Hamlet, Defined As A Tragedy

The Tragedy of Hamlet

Arguably the best piece of writing ever done by William Shakespeare, Hamlet is the classic example of a tragedy. In all tragedies the tragic hero endures and struggles, and then they usually end happy still offering some hope. Othello stabs himself, Romeo and Juliet commit suicide, Brutis falls on his sword, and like them Hamlet dies by getting cut with a poison tipped sword. But that is not all that is needed to consider a play a tragedy, and sometimes a hero doesn\'t even need to die. Making Not every play in which a Hero dies is considered a tragedy. There are many elements needed to gain the title of a true tragedy. Such elements are discussed in Jean Carmean’s: “Toward a Flexible Definition Of Tragedy.” Probably the most important element is that of the audience being able to identify with the characters in the play. In every tragedy, the characters must be believable, with a complex character and problems the audience can relate to. There must be a sense of missed joy, however the capacity and promise of happiness must be present. The discovery and seeking out of the universal truth must be by both hero as well as the audience, the audience must be a part of the tragedy. This major historical tradition accepts Hamlet as an example of Aristotle\'s model tragic hero, one who is generally better than the average but is brought down by flaw in his character.
IDENTIFIABLE. The first and foremost important element is that of the character having to deal with identifiable universal problems and character traits. “The play must express a view of the world, then, as well as a view of the individual.” (Carmean pg2.) The audience needs to experience a waterfall of emotions for the character and for themselves. Hamlet has many conflicts and qualities that the audience can be familiar with, on such example is revenge, for his fathers murder. Hamlet knows his uncle is guilty of murder, but he does nothing concrete to the effect to further his revenge. First he condemns his apparent lack of concentration of his revenge as the sign of his cowardly nature. He puzzles the court with his madness and then rationalizes his inactivity as an effect of his doubt about the ghost’s nature. He plans to manipulate a play to get a rise out of Claudius, the audience supports Hamletsmove.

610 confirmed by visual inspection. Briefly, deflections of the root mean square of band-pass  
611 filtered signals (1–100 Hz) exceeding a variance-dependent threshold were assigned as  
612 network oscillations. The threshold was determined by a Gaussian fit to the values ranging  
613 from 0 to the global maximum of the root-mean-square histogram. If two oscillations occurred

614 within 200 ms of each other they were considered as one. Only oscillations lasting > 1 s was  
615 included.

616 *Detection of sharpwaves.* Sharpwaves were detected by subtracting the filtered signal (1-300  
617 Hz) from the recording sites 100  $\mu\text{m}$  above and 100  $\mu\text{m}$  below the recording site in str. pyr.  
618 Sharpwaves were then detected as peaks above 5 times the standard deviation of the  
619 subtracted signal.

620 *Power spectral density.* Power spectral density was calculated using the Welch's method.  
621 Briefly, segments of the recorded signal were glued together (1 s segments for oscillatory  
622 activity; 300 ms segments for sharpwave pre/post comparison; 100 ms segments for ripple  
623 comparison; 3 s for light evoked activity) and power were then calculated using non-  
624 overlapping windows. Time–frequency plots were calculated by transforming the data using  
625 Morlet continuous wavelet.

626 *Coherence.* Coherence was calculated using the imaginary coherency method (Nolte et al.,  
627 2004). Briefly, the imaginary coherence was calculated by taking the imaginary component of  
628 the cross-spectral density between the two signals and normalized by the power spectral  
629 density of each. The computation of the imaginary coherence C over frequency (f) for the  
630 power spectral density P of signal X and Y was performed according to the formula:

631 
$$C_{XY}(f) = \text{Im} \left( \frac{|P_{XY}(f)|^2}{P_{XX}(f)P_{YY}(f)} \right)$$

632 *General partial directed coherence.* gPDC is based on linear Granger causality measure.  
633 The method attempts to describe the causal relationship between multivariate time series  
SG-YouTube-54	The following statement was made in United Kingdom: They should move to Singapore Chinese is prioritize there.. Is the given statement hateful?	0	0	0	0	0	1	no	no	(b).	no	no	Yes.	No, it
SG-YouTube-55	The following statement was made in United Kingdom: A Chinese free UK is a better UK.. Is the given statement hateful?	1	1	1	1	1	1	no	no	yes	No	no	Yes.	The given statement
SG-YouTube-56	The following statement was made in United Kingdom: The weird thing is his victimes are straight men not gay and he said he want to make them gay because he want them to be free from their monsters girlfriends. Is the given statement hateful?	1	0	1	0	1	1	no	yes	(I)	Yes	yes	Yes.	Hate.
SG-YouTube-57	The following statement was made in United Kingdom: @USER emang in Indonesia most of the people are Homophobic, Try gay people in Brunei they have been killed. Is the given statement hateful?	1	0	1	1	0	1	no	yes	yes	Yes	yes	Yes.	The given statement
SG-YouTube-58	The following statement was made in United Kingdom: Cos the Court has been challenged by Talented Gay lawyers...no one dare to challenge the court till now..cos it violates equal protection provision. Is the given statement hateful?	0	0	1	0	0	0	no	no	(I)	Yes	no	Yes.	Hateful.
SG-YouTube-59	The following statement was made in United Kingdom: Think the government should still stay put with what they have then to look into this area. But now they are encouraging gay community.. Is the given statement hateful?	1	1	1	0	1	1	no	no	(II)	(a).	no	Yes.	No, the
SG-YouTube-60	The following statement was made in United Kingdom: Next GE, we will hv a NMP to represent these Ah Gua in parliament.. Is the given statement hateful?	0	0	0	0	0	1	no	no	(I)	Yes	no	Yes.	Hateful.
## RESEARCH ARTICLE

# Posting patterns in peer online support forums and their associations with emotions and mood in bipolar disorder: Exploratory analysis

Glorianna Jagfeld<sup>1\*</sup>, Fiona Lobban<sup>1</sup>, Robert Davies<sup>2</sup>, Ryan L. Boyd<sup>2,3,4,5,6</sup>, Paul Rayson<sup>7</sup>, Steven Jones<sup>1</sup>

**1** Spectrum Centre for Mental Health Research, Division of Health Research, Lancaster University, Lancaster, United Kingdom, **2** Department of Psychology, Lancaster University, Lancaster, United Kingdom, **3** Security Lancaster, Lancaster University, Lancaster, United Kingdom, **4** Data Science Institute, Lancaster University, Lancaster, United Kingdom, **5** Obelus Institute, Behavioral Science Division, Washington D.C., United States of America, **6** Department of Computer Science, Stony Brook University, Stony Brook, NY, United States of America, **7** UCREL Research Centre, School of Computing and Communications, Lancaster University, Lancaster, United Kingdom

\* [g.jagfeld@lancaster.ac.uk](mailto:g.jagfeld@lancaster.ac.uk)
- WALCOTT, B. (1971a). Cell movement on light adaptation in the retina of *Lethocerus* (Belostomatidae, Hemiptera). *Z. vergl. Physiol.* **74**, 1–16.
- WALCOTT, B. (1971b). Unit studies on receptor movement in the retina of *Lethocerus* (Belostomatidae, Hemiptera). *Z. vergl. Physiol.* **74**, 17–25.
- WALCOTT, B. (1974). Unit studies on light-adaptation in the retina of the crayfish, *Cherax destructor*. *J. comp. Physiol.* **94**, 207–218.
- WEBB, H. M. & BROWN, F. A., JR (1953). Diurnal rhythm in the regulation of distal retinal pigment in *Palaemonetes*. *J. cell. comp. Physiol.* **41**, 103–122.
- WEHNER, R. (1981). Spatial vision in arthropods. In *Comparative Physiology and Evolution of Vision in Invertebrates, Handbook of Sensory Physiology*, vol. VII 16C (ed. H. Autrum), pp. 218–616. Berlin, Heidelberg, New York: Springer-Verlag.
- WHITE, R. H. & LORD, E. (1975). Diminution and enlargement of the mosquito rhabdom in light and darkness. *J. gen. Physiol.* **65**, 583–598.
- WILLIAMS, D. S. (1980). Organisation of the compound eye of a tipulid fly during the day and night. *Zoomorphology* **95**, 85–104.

VIEW OF WORLD. Another element of a tragic hero is how he or she reacts to his of her view of the world. With the death of his father and the hasty, incestuous remarriage of his mother to his uncle, however, Hamlet is thrown into a suicidal frame of mind in which "the uses of this world" seem to him "weary, stale, flat, and unprofitable." Though his faith in the value of life has been destroyed by this double confrontation with death and human infidelity, he feels impotent to effect any change in this new reality: "It is not, nor it cannot come to good. / But break my heart, for I must hold my tongue." All he can do in this frustrated state is to lash out with bitter satire at the evils he sees and then relapse into suicidal melancholy.
GREATNESS.A tragic identification is best aroused by a character who is great; such greatness of intelligence, sensitivity and or along with the capacity to love. The hero must be essentially great, in that his weaknesses do not lead to the internal conflict such as madness. Ophelia tells us that before the events of the play Hamlet was a model courtier, soldier and scholar, "The glass of fashion and the mould of form, / Th\' observed of all observers." Hamlet had only one flaw, and that was pride. He had many good traits such as bravery, but his one bad trait made him evil. While in all Shakespearean tragedies, the hero dies, in others he may live but suffer "Moral Destruction. A misconception about tragedies is that nothing good comes out of them, but it is actually the opposite. In Hamlet, although Hamlet dies, it looks as though things would be better, and Denmark is saved. Hamlet could not have had any pleasure during the rest of his life,